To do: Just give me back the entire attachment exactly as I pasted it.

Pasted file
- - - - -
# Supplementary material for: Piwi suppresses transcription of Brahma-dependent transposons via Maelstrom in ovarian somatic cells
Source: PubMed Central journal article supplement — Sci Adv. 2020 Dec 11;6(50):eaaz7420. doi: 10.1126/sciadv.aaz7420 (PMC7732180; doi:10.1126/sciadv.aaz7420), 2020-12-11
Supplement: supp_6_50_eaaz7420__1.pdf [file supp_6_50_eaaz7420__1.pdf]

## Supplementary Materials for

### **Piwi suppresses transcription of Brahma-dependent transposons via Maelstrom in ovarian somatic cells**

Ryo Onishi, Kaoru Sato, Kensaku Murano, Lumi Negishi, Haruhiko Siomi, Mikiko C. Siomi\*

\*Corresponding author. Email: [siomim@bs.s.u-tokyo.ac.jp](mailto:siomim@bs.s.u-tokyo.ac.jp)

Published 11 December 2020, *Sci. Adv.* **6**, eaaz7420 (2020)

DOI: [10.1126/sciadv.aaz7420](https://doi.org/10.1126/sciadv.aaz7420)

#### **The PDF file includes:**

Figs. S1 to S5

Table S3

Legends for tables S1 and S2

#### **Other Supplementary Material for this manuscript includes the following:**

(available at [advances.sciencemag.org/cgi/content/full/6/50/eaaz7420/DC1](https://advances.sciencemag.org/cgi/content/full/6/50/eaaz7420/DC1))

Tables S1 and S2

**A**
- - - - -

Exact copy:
# Supplementary material for: Piwi suppresses transcription of Brahma-dependent transposons via Maelstrom in ovarian somatic cells
Source: PubMed Central journal article supplement — Sci Adv. 2020 Dec 11;6(50):eaaz7420. doi: 10.1126/sciadv.aaz7420 (PMC7732180; doi:10.1126/sciadv.aaz7420), 2020-12-11
Supplement: supp_6_50_eaaz7420__1.pdf [file supp_6_50_eaaz7420__1.pdf]

## Supplementary Materials for

### **Piwi suppresses transcription of Brahma-dependent transposons via Maelstrom in ovarian somatic cells**

Ryo Onishi, Kaoru Sato, Kensaku Murano, Lumi Negishi, Haruhiko Siomi, Mikiko C. Siomi\*

\*Corresponding author. Email: [siomim@bs.s.u-tokyo.ac.jp](mailto:siomim@bs.s.u-tokyo.ac.jp)

Published 11 December 2020, *Sci. Adv.* **6**, eaaz7420 (2020)

DOI: [10.1126/sciadv.aaz7420](https://doi.org/10.1126/sciadv.aaz7420)

#### **The PDF file includes:**

Figs. S1 to S5

Table S3

Legends for tables S1 and S2

#### **Other Supplementary Material for this manuscript includes the following:**

(available at [advances.sciencemag.org/cgi/content/full/6/50/eaaz7420/DC1](https://advances.sciencemag.org/cgi/content/full/6/50/eaaz7420/DC1))

Tables S1 and S2

**A**